The IMA’s unclassified sector has become the biggest sector in the onshore funds arena but its role as a dumping ground makes it difficult for advisers to access or assess funds located there. The original concept of the unclassified sector, which now houses 358 funds compared wit the all companies total of 330, was as a punishment for funds failing to meet their more traditional sector requirements.
But, these days, firms are choosing for their funds to be included in this mixed bag of a peer group as it provides managers with greater investment freedom.
Unlike the mainstream sectors, unclassified has no specific restrictions beyond those given to all mutual funds by the FSA.
Whether or not a fund specifically meets their sector guidelines has always been a struggle for the IMA. Just look at what happened with the UK equity income arena recently – one year a new sector is created for funds failing to meet the prescribed yield requirements. The next year, when yield was not so much an issue, the sector was ditched.
Over the years, the trade association has had the added difficulty of contending with the varied launch trends. At the turn of the century, there were dozens of tech funds in the specialist sector so the IMA created its own peer group. Yet since the tech bubble burst, the number of funds has subsequently shrunk to just 10. Similar situations have occurred over the years with regard to geographic regions such as Latin America, which no longer exists as its own sector. Today, the investment trend is China and the IMA has now created a new grouping for those portfolios.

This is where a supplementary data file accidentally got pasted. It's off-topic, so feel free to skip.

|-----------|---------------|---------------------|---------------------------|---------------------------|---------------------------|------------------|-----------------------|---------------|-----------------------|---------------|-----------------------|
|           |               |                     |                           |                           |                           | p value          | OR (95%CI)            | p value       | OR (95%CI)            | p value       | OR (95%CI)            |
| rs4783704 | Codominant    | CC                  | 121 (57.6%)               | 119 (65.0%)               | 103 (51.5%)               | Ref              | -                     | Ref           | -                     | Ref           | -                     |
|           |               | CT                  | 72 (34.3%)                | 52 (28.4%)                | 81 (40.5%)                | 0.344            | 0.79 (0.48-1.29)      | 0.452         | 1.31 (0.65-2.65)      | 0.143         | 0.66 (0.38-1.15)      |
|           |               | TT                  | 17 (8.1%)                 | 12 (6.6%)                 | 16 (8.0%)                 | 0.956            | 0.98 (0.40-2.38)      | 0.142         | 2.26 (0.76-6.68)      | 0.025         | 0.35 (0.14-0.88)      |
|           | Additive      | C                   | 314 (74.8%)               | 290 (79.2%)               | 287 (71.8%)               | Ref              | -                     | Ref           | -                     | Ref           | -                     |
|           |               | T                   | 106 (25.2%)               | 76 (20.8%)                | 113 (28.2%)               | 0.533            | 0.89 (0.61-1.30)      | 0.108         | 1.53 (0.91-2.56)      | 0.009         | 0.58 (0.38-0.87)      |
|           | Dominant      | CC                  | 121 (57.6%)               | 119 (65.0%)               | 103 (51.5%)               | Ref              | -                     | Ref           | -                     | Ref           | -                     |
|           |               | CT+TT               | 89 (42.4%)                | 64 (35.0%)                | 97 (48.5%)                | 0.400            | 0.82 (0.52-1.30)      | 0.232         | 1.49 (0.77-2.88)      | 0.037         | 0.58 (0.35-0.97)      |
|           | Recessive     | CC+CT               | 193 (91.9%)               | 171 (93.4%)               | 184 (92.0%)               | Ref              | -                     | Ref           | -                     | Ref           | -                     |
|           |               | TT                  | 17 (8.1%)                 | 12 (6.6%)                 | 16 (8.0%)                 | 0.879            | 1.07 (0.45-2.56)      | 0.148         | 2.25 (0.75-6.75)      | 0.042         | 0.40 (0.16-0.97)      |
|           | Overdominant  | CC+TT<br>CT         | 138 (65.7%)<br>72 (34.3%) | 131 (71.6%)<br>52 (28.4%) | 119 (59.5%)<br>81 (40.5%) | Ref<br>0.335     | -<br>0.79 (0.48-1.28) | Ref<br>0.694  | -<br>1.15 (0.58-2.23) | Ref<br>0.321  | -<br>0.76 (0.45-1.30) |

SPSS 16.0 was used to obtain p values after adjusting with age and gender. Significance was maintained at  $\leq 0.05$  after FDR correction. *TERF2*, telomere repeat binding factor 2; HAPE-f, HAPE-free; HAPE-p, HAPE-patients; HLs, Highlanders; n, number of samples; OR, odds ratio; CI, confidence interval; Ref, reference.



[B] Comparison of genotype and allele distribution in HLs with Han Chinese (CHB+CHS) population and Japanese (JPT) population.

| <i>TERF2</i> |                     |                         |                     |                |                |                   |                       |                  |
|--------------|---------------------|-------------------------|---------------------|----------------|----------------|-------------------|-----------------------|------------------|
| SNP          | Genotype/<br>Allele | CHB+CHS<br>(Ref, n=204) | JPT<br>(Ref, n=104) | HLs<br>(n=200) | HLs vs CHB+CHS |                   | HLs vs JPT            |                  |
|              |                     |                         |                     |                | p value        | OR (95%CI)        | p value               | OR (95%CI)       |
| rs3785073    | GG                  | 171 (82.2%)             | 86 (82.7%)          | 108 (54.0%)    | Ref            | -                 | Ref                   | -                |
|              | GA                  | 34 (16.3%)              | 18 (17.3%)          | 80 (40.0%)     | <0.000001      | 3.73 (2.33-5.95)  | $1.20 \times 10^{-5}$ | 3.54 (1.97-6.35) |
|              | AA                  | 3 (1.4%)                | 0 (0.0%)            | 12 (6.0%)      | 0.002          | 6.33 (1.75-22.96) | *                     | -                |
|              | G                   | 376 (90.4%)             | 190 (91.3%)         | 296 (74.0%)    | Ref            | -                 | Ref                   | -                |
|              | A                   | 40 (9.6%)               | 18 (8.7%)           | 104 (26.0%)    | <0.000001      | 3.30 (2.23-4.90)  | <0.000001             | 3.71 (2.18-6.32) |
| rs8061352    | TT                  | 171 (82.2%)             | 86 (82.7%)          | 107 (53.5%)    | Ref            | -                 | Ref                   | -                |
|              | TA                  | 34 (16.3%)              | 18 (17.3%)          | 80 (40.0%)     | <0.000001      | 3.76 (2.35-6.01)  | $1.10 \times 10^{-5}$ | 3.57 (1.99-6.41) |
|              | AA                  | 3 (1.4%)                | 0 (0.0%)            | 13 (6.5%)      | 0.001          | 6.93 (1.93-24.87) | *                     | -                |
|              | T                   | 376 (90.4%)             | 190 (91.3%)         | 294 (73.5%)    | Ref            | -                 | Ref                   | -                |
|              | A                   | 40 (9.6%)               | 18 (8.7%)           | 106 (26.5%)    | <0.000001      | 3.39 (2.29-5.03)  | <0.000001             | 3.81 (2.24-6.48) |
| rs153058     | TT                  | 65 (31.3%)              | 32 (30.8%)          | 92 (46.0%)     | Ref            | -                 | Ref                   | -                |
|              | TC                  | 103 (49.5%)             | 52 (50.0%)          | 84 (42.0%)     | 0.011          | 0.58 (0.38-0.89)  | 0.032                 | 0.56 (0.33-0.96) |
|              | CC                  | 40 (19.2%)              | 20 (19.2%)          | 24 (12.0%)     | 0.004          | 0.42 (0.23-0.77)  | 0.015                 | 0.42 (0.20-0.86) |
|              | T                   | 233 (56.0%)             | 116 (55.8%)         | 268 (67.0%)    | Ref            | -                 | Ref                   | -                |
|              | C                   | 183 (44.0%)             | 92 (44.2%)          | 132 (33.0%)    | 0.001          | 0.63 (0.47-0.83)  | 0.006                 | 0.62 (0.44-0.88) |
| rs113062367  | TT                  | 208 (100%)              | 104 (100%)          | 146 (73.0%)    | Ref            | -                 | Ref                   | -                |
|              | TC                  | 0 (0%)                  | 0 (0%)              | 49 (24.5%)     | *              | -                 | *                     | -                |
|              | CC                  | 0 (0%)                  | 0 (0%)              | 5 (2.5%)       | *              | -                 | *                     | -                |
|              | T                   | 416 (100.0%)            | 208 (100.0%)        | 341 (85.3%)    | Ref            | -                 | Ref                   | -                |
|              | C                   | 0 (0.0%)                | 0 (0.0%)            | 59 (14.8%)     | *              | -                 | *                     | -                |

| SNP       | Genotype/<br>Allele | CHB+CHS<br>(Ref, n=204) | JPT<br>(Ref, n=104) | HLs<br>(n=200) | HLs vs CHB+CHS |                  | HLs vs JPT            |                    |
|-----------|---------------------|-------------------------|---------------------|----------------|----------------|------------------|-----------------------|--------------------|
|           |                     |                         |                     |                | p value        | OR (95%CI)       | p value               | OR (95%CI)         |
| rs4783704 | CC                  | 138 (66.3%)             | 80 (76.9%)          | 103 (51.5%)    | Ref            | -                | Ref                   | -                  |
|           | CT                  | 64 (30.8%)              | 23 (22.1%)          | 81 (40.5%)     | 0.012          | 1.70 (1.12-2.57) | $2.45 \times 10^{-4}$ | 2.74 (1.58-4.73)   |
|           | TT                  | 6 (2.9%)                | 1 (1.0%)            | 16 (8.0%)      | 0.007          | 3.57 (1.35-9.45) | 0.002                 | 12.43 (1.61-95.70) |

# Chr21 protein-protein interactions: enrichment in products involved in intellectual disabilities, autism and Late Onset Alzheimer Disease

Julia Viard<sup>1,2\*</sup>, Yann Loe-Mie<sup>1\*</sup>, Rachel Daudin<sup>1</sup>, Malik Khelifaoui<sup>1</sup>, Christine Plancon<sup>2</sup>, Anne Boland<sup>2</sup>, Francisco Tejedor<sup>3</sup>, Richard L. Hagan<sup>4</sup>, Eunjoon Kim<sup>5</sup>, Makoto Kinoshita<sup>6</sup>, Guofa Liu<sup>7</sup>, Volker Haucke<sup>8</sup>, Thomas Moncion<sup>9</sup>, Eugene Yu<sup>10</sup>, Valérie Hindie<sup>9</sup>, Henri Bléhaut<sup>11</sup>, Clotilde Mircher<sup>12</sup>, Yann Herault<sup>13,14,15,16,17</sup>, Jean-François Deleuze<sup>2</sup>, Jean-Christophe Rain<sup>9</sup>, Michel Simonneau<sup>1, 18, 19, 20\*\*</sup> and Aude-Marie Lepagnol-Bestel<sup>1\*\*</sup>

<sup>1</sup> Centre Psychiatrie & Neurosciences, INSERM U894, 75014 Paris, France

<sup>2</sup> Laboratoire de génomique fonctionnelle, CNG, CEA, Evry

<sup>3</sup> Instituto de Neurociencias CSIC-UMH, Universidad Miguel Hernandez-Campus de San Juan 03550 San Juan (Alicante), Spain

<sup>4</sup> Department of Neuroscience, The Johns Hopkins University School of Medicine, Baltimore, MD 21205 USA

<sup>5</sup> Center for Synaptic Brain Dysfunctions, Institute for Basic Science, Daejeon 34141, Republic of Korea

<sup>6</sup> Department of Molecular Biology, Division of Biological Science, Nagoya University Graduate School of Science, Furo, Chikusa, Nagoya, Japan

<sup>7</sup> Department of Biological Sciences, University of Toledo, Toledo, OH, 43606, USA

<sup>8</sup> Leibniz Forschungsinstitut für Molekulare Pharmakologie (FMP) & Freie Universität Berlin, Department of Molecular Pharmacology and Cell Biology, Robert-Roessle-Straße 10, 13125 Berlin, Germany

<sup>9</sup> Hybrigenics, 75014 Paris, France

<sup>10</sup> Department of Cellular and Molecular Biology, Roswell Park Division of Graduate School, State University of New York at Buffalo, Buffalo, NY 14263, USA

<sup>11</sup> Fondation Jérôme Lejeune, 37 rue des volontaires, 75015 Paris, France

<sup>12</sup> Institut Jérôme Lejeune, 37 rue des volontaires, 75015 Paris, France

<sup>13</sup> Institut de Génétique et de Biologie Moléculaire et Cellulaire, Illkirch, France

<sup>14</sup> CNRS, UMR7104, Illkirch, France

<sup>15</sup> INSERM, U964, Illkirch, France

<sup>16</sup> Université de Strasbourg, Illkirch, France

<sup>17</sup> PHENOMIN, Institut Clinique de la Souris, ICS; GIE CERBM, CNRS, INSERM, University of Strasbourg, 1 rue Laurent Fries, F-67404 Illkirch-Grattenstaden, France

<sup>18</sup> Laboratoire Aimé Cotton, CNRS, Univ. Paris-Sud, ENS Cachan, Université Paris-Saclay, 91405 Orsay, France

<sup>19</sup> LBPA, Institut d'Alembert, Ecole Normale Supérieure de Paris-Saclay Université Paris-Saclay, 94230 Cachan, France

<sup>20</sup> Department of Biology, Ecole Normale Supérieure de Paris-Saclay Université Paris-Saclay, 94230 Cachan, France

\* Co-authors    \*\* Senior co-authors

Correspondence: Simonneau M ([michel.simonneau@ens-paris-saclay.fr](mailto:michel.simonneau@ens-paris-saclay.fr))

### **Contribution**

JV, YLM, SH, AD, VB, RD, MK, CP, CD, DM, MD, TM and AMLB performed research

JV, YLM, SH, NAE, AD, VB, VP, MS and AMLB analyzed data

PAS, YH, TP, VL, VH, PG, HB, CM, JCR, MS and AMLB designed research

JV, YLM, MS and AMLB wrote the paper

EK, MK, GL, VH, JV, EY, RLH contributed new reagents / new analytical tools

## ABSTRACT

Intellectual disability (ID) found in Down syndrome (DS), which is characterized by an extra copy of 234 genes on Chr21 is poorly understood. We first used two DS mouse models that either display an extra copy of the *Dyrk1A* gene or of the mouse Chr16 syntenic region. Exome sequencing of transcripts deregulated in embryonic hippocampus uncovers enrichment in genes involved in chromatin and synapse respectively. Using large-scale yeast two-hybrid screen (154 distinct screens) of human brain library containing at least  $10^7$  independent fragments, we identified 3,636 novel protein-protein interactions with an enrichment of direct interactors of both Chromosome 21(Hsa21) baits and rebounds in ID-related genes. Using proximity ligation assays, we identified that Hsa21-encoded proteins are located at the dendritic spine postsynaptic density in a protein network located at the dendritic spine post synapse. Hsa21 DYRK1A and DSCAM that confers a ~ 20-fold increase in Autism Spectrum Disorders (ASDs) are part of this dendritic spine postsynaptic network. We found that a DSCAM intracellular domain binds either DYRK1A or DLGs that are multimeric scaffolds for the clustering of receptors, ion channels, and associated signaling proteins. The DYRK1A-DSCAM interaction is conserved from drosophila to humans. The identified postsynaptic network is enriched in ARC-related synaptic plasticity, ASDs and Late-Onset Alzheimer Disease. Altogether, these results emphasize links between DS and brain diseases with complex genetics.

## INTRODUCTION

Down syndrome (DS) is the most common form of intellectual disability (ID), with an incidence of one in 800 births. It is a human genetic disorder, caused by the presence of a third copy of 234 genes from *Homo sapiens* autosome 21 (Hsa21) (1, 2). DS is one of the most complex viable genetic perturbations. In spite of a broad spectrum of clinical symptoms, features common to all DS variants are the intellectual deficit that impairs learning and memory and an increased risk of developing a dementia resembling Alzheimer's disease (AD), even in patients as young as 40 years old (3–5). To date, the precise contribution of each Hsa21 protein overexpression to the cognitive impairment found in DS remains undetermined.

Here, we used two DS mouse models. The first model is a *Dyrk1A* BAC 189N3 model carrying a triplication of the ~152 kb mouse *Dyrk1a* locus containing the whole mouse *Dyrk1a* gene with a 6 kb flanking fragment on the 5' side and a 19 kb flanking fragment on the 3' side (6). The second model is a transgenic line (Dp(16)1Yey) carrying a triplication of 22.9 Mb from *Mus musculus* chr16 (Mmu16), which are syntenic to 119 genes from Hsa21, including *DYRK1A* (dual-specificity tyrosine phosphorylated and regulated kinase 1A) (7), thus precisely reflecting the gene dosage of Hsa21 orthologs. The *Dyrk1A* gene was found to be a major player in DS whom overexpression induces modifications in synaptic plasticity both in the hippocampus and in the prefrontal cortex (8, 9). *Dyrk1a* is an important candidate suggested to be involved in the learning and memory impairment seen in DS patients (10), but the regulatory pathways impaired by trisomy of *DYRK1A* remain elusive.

Policing of the sectors has also become increasingly difficult as funds adopt the added powers allowed under Ucits III and as investors seek more outcome-oriented funds. From next year, the IMA may have additional help in this thankless task. At the moment, Lipper polices the sector but the IMA has tendered out this job, with submissions due at Christmas. The emphasis for potential providers of sector policing is to have an idea or strategy on how to monitor the use of derivatives, something that has become increasingly common even for portfolios outside the absolute return sector.
But another aspect of the IMA’s review will be to look at how to revise the sect-ors without their current asset guide-lines, categorising funds without set percentage restrictions such as how much should be in equities v bonds, as is the case in the managed sectors. Last week, the IMA made amend-ments to this effect with regards to its global growth sector definition, effective on January 1. The new “global” sector will house funds investing at least 80 per cent of their assets globally in equities, regardless of thematic or industrial focus. That means global specialist funds such as commodities or financials can opt to be included although companies may feel a financials mandate does not fit in a broad-based global sector, preferring to stay in specialist.
It is the choice between two ill-fitting options that has led many groups to opt for unclassified. Angus Duncan, sales director at investment consultants, says: “I doubt groups that are putting their funds into the sector by choice but rather they do not see another natural fit for the fund in question.”